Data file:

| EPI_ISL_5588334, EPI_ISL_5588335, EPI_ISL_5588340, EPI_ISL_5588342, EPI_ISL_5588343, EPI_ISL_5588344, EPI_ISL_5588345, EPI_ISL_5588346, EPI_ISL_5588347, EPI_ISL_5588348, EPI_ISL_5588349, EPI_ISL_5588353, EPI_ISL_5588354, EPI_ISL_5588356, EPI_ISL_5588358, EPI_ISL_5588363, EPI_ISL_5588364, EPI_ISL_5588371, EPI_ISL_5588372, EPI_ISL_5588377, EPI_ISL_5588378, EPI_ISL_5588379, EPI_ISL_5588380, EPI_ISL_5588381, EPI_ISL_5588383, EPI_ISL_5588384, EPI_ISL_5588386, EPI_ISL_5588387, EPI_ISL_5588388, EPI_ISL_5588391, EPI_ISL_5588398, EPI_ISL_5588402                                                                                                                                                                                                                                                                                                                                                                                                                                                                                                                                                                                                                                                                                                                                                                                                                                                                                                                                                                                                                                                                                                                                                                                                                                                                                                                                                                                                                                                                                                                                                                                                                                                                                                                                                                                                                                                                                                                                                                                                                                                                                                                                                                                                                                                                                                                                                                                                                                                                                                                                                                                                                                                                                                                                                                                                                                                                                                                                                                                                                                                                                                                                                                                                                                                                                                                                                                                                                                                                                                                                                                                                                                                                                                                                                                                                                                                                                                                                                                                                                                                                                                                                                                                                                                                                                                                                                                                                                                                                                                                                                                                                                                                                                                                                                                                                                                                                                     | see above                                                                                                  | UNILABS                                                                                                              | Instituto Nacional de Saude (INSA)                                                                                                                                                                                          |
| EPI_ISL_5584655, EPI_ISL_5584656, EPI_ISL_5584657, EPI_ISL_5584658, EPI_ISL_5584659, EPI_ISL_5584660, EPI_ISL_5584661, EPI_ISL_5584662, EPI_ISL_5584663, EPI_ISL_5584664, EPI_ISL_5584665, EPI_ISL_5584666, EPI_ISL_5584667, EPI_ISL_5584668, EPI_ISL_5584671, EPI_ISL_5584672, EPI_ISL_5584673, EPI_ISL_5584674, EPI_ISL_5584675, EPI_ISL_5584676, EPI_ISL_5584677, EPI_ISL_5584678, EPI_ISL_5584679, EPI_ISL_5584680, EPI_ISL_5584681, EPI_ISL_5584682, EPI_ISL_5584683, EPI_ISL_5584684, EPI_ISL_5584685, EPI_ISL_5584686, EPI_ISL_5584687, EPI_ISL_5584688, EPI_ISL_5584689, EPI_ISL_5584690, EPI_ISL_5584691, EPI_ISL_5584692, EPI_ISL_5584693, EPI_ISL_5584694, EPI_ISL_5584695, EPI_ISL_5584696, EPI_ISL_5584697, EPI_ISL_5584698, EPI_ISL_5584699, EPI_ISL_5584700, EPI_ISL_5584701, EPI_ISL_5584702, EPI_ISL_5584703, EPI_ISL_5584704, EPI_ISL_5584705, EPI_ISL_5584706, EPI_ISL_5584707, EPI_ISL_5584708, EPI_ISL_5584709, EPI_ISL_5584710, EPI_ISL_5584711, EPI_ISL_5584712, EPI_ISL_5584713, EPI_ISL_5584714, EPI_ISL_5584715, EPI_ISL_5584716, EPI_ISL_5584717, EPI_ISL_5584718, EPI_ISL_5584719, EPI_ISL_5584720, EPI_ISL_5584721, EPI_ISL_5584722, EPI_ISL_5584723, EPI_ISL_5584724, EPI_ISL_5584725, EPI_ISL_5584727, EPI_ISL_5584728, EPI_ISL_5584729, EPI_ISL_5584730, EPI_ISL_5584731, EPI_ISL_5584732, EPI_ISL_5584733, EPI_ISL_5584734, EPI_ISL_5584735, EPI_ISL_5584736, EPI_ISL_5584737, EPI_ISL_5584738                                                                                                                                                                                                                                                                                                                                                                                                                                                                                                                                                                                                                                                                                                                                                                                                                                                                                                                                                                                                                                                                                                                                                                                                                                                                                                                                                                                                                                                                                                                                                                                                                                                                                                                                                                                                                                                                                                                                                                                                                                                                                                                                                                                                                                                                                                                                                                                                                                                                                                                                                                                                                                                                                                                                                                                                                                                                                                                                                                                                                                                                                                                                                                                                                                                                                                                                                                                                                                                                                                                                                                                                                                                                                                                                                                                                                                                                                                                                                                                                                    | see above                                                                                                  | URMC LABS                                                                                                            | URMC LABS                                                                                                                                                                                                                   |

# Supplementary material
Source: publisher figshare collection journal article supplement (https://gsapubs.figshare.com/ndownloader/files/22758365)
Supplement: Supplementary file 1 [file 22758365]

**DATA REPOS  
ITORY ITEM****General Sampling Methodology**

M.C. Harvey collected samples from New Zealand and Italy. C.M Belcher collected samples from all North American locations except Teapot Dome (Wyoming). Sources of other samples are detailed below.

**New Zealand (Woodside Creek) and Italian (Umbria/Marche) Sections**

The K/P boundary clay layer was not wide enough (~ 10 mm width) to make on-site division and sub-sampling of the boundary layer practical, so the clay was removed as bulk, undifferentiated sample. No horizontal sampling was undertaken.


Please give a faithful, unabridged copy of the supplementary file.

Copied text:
| EPI_ISL_5588334, EPI_ISL_5588335, EPI_ISL_5588340, EPI_ISL_5588342, EPI_ISL_5588343, EPI_ISL_5588344, EPI_ISL_5588345, EPI_ISL_5588346, EPI_ISL_5588347, EPI_ISL_5588348, EPI_ISL_5588349, EPI_ISL_5588353, EPI_ISL_5588354, EPI_ISL_5588356, EPI_ISL_5588358, EPI_ISL_5588363, EPI_ISL_5588364, EPI_ISL_5588371, EPI_ISL_5588372, EPI_ISL_5588377, EPI_ISL_5588378, EPI_ISL_5588379, EPI_ISL_5588380, EPI_ISL_5588381, EPI_ISL_5588383, EPI_ISL_5588384, EPI_ISL_5588386, EPI_ISL_5588387, EPI_ISL_5588388, EPI_ISL_5588391, EPI_ISL_5588398, EPI_ISL_5588402                                                                                                                                                                                                                                                                                                                                                                                                                                                                                                                                                                                                                                                                                                                                                                                                                                                                                                                                                                                                                                                                                                                                                                                                                                                                                                                                                                                                                                                                                                                                                                                                                                                                                                                                                                                                                                                                                                                                                                                                                                                                                                                                                                                                                                                                                                                                                                                                                                                                                                                                                                                                                                                                                                                                                                                                                                                                                                                                                                                                                                                                                                                                                                                                                                                                                                                                                                                                                                                                                                                                                                                                                                                                                                                                                                                                                                                                                                                                                                                                                                                                                                                                                                                                                                                                                                                                                                                                                                                                                                                                                                                                                                                                                                                                                                                                                                                                                     | see above                                                                                                  | UNILABS                                                                                                              | Instituto Nacional de Saude (INSA)                                                                                                                                                                                          |
| EPI_ISL_5584655, EPI_ISL_5584656, EPI_ISL_5584657, EPI_ISL_5584658, EPI_ISL_5584659, EPI_ISL_5584660, EPI_ISL_5584661, EPI_ISL_5584662, EPI_ISL_5584663, EPI_ISL_5584664, EPI_ISL_5584665, EPI_ISL_5584666, EPI_ISL_5584667, EPI_ISL_5584668, EPI_ISL_5584671, EPI_ISL_5584672, EPI_ISL_5584673, EPI_ISL_5584674, EPI_ISL_5584675, EPI_ISL_5584676, EPI_ISL_5584677, EPI_ISL_5584678, EPI_ISL_5584679, EPI_ISL_5584680, EPI_ISL_5584681, EPI_ISL_5584682, EPI_ISL_5584683, EPI_ISL_5584684, EPI_ISL_5584685, EPI_ISL_5584686, EPI_ISL_5584687, EPI_ISL_5584688, EPI_ISL_5584689, EPI_ISL_5584690, EPI_ISL_5584691, EPI_ISL_5584692, EPI_ISL_5584693, EPI_ISL_5584694, EPI_ISL_5584695, EPI_ISL_5584696, EPI_ISL_5584697, EPI_ISL_5584698, EPI_ISL_5584699, EPI_ISL_5584700, EPI_ISL_5584701, EPI_ISL_5584702, EPI_ISL_5584703, EPI_ISL_5584704, EPI_ISL_5584705, EPI_ISL_5584706, EPI_ISL_5584707, EPI_ISL_5584708, EPI_ISL_5584709, EPI_ISL_5584710, EPI_ISL_5584711, EPI_ISL_5584712, EPI_ISL_5584713, EPI_ISL_5584714, EPI_ISL_5584715, EPI_ISL_5584716, EPI_ISL_5584717, EPI_ISL_5584718, EPI_ISL_5584719, EPI_ISL_5584720, EPI_ISL_5584721, EPI_ISL_5584722, EPI_ISL_5584723, EPI_ISL_5584724, EPI_ISL_5584725, EPI_ISL_5584727, EPI_ISL_5584728, EPI_ISL_5584729, EPI_ISL_5584730, EPI_ISL_5584731, EPI_ISL_5584732, EPI_ISL_5584733, EPI_ISL_5584734, EPI_ISL_5584735, EPI_ISL_5584736, EPI_ISL_5584737, EPI_ISL_5584738                                                                                                                                                                                                                                                                                                                                                                                                                                                                                                                                                                                                                                                                                                                                                                                                                                                                                                                                                                                                                                                                                                                                                                                                                                                                                                                                                                                                                                                                                                                                                                                                                                                                                                                                                                                                                                                                                                                                                                                                                                                                                                                                                                                                                                                                                                                                                                                                                                                                                                                                                                                                                                                                                                                                                                                                                                                                                                                                                                                                                                                                                                                                                                                                                                                                                                                                                                                                                                                                                                                                                                                                                                                                                                                                                                                                                                                                                                                                                                                                                    | see above                                                                                                  | URMC LABS                                                                                                            | URMC LABS                                                                                                                                                                                                                   |

# Supplementary material
Source: publisher figshare collection journal article supplement (https://gsapubs.figshare.com/ndownloader/files/22758365)
Supplement: Supplementary file 1 [file 22758365]

**DATA REPOS  
ITORY ITEM****General Sampling Methodology**

M.C. Harvey collected samples from New Zealand and Italy. C.M Belcher collected samples from all North American locations except Teapot Dome (Wyoming). Sources of other samples are detailed below.

**New Zealand (Woodside Creek) and Italian (Umbria/Marche) Sections**

The K/P boundary clay layer was not wide enough (~ 10 mm width) to make on-site division and sub-sampling of the boundary layer practical, so the clay was removed as bulk, undifferentiated sample. No horizontal sampling was undertaken.